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Tuesday, 14 October 2008
Page: 9052

Mr KEENAN (4:06 PM) —I rise today to acknowledge one of the many hardworking community groups within my electorate of Stirling. I would like to bring to the attention of the chamber the hard work, dedication and commitment shown by the Friends of Trigg Bushland. The Trigg bushland is a significant natural coastal reserve and a natural habitat for the endangered tuart trees. One of the projects conducted by the Friends of Trigg Bushland is the tuart mapping project. This project collects vital data that can be utilised in the ongoing conservation of this native species.

There are also a number of other native flora growing in the area, growing on dunes composed of white Quindalup sands formed in the last 6,000 years. As this dune system advanced, it buried the limestone and yellow sands of the 100,000-year-old Spearwood dune system. In some parts of the Trigg bushland the Spearwood sands still remain at the surface. The reserve itself is located on the coastal strip of my electorate in an area about one kilometre long, covering approximately 10 hectares. It is a class A reserve and in 1998 was recognised in Perth’s bushland, which subsequently became the Bush Forever plan, and it has now been designated as a reference site by the Perth regional biodiversity project.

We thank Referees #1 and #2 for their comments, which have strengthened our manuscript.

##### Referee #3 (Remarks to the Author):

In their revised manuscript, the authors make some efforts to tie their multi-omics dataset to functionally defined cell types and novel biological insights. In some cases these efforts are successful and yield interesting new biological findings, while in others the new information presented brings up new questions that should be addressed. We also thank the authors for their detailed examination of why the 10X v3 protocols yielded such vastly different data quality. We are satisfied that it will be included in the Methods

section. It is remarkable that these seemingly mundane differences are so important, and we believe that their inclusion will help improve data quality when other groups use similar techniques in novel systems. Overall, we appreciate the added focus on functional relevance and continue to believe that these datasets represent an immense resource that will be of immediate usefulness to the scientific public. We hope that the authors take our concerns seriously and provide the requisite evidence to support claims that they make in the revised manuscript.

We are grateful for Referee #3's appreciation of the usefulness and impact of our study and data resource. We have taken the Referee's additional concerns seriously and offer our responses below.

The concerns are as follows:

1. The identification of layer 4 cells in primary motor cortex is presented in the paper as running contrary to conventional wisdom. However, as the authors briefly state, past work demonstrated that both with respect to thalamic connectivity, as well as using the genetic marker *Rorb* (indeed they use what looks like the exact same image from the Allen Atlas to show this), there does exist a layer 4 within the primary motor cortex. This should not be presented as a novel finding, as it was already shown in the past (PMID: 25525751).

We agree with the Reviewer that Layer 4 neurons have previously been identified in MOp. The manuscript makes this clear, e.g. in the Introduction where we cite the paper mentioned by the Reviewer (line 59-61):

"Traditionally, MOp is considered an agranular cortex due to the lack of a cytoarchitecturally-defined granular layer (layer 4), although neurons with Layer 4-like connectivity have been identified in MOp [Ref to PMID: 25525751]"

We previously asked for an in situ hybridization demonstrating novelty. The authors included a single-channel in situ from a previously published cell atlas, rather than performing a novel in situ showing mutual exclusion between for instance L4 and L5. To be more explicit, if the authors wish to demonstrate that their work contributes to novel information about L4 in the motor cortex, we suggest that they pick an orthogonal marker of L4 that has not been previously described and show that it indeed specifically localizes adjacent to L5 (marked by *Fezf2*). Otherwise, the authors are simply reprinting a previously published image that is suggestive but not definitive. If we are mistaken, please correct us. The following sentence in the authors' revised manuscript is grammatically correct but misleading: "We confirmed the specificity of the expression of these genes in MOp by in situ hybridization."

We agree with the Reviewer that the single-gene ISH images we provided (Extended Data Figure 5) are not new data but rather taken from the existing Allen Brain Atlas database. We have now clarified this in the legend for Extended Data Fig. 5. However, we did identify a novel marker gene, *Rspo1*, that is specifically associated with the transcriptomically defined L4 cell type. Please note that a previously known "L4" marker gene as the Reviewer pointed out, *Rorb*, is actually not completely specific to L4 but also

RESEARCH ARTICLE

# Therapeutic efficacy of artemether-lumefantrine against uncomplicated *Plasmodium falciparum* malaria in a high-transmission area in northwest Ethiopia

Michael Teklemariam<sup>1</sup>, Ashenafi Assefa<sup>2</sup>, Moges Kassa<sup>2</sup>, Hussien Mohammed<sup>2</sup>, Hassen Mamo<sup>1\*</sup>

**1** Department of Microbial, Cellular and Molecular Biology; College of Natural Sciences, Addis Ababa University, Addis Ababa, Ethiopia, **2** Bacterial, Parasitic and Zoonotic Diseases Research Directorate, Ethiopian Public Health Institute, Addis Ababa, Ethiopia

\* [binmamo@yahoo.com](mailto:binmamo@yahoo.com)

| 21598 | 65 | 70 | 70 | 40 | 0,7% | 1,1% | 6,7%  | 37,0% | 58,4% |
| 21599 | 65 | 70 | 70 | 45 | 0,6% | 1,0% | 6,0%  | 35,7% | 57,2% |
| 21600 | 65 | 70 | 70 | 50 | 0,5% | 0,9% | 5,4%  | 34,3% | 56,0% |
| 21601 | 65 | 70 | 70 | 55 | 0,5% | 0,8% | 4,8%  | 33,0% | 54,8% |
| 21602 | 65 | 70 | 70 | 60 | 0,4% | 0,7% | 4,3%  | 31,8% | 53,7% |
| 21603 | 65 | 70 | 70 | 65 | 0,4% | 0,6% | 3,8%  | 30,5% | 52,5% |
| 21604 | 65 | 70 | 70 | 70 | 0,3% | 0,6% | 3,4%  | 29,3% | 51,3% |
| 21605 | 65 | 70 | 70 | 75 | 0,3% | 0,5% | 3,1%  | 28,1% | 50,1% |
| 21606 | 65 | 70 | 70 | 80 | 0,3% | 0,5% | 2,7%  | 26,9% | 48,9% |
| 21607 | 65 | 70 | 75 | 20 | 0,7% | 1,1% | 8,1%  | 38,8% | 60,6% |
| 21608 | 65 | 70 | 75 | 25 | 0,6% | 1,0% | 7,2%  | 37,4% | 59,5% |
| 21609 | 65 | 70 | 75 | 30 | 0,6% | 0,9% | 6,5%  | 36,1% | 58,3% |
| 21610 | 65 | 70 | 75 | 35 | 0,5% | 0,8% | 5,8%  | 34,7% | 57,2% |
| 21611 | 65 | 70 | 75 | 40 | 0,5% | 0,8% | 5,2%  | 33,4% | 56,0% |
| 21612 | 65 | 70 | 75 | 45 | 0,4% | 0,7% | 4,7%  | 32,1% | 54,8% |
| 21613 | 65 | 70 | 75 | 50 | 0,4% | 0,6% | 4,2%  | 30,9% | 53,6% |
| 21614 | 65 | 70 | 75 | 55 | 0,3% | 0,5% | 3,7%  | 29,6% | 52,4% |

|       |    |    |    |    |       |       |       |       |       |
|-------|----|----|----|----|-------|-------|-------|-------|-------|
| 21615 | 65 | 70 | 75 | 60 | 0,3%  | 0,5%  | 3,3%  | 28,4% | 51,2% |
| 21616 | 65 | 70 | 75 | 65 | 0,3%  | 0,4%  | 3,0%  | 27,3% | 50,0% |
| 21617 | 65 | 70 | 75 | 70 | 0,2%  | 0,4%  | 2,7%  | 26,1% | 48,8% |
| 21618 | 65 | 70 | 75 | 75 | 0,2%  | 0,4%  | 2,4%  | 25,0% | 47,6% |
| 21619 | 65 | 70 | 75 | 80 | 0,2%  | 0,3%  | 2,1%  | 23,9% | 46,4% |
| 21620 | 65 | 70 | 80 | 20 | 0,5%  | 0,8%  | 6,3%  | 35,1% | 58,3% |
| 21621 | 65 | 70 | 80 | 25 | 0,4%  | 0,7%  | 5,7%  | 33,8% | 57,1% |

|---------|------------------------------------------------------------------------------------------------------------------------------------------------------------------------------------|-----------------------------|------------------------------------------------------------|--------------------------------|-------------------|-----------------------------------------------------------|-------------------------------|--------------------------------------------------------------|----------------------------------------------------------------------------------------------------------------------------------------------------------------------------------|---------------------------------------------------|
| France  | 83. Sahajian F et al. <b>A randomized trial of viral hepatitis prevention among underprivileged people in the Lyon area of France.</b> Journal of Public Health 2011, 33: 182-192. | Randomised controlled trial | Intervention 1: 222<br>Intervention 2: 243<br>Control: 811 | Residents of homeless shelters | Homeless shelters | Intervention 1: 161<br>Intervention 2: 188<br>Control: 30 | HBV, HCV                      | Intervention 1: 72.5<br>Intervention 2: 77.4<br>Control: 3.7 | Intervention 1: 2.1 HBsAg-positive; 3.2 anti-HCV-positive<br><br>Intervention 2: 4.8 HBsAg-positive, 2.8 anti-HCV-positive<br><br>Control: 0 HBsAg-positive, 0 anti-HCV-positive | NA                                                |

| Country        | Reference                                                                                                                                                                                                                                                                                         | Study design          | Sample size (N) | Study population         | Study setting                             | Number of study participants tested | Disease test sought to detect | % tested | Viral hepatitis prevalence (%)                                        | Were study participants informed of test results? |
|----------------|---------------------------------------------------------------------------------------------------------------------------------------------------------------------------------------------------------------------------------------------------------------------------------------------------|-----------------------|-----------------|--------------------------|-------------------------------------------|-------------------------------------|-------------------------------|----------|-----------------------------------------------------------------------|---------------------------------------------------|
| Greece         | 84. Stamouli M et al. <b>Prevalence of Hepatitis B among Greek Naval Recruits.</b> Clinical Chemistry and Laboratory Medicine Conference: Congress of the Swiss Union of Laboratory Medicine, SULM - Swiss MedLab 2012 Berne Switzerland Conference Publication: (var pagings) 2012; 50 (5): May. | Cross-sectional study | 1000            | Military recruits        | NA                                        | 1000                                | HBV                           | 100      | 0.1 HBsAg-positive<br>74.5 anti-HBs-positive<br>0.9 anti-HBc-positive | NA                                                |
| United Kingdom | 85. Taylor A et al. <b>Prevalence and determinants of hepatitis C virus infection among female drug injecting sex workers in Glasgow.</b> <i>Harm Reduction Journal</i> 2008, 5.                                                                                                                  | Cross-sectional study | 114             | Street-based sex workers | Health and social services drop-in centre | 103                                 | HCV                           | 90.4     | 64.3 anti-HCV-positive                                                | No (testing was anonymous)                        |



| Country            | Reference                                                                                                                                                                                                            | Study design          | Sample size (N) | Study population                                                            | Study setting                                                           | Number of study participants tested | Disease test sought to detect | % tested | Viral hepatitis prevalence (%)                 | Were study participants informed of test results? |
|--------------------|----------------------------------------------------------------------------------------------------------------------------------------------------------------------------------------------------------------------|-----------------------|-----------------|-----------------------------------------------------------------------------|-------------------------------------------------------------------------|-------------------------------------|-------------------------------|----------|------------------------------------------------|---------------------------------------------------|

The Friends of Trigg Bushland group was incorporated in 1990 at a public meeting after several years of informal operation and it is now recognised throughout my electorate of Stirling and in the wider community as one of the most active conservation groups in Western Australia. I would very much like to place on record my thanks for the efforts of the officeholders and committee members who give up their time voluntarily to ensure that the fragile bushland environment is preserved for current and future generations. In particular I acknowledge the hard work and commitment of present and past officeholders and committee members, Peter St Clair-Baker, Peter and Barbara Alcock, Phylis Robinson, Nina McLaren, Kristina Newton, Samantha Clarke and Peter Peacock. There are many more members of the community actively involved in the activities of the group, and I would also like to thank them for their personal time and the commitment they make to this valuable conservation project.

Spring is one of the busiest times of the year for the Friends of Trigg Bushland. The biggest job in spring is to tackle the scourge of weeds. After our wet winter, weeds are rampant. As well as conducting quarterly guided walks through different parts of the bushland—walks I have been very happy and privileged to attend in the past—the group collects seeds, removes weeds and rubbish and generally assists with bush regeneration. Local residents and families are encouraged to become involved with the Friends of Trigg Bushland. It is an area that I would recommend to anyone visiting my electorate of Stirling who would like to experience firsthand the unique and fragile bush environment that we are very lucky in Stirling to have on our doorstep.